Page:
Fanaticism is widespread in even the simplest practices of Islam. I saw it in the USA, other parts of the Western hemisphere, Australia, and the Arab world. They hold to an understanding so rigid that it will continue to provoke backlashes from other nations for as long as it is continued. They fight constantly over details. … If we are so inflexible even on matters of detail, how will we ever explain Islam to others? When I see reports of these sorts of events, I always think to myself, “I wish we could bring Islam as the Turks understand it to these places.” Though they think they are serving Islam, such fanatical people do Islam a great disservice. What’s worse is that this understanding is not what the Prophet commanded. He said: “Bring them good news. Do not scare them away.” These people scare others away. “Facilitate, do not obstruct,” the Messenger of God said. These people obstruct. They do not give good news, or facilitate. They make the way difficult and meaningless. This is another angle from which we can understand a Turkish Islamic identity from the perspective of the universality of Islam. When the expression “Turkish Islam” is used, then “Kurdish Islam,” “Persian Islam,” and “Arab Islam” also emerge. All of these together complicate the matter further.
Fethullah Gülen differentiates between religion as a system of faith and its practice as a result of historical, cultural, and sociological conditions. By doing this, he calls our attention to the importance of purifying religion from ethnic differences, but at the same time understanding that it is introduced into certain periods and certain places within the context of historical and sociological conditions.
Despite this need for purification, he is content with the expression of a Turkish Islam:
This nation has represented this religion deservedly and correctly and left behind an important heritage. For this reason it could be assessed from a historical perspective, too. There are moments in history which we treat as a hump on humanity’s back. We always try to get rid of it, to free ourselves of it. There are other moments which signify honor and we wear like a medallion carried around the neck. We take pride in them.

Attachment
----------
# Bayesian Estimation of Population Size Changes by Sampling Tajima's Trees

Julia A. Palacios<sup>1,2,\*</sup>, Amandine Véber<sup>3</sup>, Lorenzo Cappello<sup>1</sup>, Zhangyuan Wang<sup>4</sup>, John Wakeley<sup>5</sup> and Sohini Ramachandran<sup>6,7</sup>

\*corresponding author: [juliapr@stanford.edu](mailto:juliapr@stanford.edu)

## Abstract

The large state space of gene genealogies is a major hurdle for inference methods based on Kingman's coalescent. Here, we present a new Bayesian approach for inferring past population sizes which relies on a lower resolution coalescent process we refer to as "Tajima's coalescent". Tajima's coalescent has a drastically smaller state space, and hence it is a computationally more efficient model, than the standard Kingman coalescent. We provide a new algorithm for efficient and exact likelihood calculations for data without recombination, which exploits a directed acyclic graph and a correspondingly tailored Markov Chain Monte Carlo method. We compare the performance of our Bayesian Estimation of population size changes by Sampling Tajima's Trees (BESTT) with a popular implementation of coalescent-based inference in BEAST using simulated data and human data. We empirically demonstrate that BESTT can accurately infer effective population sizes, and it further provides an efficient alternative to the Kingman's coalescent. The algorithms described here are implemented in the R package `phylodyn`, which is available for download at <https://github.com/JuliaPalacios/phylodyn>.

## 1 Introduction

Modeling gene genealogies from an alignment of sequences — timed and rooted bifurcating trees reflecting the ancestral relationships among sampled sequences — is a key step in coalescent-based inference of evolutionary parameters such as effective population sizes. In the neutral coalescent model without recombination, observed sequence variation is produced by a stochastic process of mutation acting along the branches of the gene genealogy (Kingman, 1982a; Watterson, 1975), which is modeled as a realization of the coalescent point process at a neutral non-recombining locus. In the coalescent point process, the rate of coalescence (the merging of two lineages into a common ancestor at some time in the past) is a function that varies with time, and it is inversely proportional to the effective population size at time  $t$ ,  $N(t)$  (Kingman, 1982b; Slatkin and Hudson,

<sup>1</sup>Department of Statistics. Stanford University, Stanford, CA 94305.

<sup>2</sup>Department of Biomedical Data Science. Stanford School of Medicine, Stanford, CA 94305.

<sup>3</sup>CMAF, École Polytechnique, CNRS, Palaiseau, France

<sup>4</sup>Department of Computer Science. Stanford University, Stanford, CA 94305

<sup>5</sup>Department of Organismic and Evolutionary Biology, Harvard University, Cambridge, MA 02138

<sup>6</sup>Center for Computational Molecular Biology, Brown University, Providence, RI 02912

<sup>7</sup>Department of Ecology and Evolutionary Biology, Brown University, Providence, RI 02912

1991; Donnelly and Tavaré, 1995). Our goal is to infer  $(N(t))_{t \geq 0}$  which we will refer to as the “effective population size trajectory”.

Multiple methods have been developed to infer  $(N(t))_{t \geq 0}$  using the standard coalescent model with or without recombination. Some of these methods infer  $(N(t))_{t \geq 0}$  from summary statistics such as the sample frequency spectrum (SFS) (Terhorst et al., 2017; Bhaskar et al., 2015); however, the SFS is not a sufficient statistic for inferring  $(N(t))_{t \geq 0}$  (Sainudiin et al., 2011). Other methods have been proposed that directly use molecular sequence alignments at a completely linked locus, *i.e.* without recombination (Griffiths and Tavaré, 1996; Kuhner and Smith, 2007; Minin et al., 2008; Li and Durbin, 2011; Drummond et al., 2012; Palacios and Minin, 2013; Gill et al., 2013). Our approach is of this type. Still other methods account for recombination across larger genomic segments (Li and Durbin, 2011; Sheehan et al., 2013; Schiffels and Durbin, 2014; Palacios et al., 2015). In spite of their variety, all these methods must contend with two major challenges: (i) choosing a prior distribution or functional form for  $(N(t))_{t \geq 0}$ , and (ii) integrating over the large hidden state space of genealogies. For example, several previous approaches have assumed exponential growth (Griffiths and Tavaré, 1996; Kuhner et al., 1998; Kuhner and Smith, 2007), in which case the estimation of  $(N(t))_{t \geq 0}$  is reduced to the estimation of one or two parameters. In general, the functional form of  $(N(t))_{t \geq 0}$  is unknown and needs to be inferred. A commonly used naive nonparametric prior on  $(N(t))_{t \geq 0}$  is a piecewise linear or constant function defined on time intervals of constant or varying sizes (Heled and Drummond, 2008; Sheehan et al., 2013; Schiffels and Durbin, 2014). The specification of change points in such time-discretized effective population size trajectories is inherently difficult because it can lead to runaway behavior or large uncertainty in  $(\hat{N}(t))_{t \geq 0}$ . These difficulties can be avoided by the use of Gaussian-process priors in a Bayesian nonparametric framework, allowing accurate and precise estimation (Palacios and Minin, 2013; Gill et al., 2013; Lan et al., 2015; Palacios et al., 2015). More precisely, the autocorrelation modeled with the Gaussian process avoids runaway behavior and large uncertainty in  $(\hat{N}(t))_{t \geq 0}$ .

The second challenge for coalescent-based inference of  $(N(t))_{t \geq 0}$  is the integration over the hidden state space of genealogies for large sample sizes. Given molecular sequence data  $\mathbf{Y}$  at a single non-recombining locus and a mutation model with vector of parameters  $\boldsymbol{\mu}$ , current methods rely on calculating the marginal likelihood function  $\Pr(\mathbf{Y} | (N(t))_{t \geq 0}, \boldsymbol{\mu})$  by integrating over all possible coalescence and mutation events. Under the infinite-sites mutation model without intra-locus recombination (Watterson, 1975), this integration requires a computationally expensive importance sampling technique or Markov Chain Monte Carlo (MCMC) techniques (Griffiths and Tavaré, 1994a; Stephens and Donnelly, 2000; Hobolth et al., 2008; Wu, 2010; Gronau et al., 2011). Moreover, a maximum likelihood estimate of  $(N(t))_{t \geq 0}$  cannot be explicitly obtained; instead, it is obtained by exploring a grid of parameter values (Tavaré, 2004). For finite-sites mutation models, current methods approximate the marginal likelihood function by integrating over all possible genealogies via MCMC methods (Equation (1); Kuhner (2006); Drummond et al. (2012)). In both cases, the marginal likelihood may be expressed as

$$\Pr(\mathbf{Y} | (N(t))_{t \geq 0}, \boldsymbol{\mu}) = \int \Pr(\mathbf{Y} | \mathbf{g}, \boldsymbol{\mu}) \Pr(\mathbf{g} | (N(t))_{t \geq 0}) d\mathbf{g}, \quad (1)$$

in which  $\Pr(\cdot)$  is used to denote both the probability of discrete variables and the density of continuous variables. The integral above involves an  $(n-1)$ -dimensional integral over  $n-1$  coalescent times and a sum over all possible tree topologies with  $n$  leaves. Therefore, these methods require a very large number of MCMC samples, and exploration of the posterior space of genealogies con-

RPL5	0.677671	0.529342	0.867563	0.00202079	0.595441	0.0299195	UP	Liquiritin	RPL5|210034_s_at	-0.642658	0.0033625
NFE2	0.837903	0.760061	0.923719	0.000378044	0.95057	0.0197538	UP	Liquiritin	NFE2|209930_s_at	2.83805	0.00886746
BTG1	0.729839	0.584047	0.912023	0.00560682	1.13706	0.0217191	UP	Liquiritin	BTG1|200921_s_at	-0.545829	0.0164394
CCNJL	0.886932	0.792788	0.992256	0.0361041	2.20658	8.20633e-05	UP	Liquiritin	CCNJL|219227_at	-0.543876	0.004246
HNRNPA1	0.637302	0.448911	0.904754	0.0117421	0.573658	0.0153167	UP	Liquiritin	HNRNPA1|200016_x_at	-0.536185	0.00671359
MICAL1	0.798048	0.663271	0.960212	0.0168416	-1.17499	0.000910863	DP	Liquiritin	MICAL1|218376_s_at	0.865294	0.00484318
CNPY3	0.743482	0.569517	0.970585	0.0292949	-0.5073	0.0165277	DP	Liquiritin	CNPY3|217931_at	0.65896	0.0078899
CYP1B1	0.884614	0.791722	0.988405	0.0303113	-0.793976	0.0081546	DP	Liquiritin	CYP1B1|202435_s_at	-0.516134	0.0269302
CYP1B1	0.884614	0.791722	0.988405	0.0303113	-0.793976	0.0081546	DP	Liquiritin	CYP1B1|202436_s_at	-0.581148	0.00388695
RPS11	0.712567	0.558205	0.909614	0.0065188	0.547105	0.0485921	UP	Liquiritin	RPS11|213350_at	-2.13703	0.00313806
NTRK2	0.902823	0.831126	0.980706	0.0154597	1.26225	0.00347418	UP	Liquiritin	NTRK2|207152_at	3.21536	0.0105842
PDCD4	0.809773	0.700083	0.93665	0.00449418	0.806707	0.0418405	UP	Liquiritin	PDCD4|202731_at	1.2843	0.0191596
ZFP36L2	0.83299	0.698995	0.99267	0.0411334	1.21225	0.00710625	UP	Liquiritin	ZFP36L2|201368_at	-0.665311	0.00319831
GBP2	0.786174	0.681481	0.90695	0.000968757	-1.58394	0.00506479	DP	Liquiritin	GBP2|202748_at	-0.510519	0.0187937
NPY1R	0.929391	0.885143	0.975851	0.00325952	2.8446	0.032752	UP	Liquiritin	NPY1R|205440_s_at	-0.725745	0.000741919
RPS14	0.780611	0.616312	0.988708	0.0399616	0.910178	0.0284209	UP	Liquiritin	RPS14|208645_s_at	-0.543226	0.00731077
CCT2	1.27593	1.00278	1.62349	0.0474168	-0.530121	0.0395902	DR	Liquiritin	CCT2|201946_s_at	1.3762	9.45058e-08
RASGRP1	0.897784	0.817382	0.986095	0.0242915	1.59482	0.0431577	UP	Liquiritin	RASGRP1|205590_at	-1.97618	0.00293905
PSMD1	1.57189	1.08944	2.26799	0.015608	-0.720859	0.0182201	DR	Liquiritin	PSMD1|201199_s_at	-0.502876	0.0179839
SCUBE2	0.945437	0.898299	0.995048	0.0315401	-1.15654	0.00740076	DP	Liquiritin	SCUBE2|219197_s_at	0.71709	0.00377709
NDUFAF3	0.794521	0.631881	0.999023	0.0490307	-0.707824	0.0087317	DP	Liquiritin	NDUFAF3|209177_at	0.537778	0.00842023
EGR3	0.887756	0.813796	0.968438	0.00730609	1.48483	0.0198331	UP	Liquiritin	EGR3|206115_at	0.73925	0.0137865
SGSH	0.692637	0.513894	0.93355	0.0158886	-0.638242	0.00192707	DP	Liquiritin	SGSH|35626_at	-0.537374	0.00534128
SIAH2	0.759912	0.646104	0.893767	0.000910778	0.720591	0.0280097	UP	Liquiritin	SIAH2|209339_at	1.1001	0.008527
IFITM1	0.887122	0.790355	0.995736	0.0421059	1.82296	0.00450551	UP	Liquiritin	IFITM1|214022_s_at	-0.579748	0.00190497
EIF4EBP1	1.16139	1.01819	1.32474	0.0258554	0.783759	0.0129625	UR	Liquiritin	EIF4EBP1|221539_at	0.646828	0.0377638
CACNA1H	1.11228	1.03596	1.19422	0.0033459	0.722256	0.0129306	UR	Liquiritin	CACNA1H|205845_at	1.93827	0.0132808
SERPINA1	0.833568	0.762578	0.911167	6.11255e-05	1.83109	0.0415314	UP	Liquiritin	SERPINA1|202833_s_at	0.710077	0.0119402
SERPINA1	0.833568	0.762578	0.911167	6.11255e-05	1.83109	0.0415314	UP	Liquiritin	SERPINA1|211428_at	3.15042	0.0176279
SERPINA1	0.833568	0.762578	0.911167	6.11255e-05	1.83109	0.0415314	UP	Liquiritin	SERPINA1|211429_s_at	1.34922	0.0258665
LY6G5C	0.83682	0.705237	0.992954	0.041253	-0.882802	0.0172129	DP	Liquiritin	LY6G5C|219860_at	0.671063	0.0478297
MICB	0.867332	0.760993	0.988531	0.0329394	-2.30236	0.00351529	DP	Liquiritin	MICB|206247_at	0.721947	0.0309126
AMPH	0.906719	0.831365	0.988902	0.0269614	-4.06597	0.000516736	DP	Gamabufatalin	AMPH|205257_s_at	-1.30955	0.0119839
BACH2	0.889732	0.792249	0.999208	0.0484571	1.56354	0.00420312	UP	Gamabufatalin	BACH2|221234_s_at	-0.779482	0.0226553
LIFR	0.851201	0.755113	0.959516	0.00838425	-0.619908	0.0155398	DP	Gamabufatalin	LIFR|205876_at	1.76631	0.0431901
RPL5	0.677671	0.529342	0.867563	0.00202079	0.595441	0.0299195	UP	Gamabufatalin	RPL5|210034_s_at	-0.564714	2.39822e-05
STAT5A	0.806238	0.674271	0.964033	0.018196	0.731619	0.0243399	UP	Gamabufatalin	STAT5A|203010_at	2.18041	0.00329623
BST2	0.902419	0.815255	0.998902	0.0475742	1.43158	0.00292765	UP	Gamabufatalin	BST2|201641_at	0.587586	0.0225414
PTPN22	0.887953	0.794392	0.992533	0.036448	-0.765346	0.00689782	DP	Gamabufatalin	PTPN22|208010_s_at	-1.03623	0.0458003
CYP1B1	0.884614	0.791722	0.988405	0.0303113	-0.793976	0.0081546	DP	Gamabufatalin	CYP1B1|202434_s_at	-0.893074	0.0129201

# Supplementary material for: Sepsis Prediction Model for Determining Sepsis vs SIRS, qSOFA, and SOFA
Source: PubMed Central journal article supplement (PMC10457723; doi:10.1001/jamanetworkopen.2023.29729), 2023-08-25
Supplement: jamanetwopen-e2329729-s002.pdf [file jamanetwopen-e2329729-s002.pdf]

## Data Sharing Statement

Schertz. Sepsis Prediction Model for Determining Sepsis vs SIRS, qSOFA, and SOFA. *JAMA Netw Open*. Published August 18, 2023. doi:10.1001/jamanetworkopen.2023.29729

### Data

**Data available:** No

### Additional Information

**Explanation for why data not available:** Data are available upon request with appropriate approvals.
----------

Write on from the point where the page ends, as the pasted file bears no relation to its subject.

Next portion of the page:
Fethullah Gülen is adamant that Turkey not become another Iran or Algeria. He also holds to a position of warning similar to that of former Prime Minister Bülent Ecevit: He also recognizes that there are “secularist fanatics” in Turkey:
Every belief has fanatics, and secularism is no exception. All it takes for fanaticism to take place is for one to refuse to recognize any truth other than their own. Of course there are secular fanatics and just like any other fanatic, they are so confident that they will replace truth with brute force, and seek to enforce everything they believe simply through power.
Continuing, Fethullah Gülen assesses the relationship between rights, power, and justice in the following way:
Right makes might. Might does not make right. But the tyranny of power is beyond that. It rebels even against common sense. It rebels against perfect logic. Those who are able to have power use brute force for things which could be solved with reasoning and dialog and a little patience. This is what we experienced in the 20th century. To me, this is the problem with Algeria. There is a serious conflict of values between the communities. The reference of one segment is its religion. But I wonder whether the timing is correct in some words and ideas. This will keep historians and sociologists busy in the future. But in some ways, the powerful feel that they are justified by their power. They erase their logic and reasoning and seek to beat their problems into submission. Then later, the other side will be portrayed as terrorists in order to legitimize the force that was used.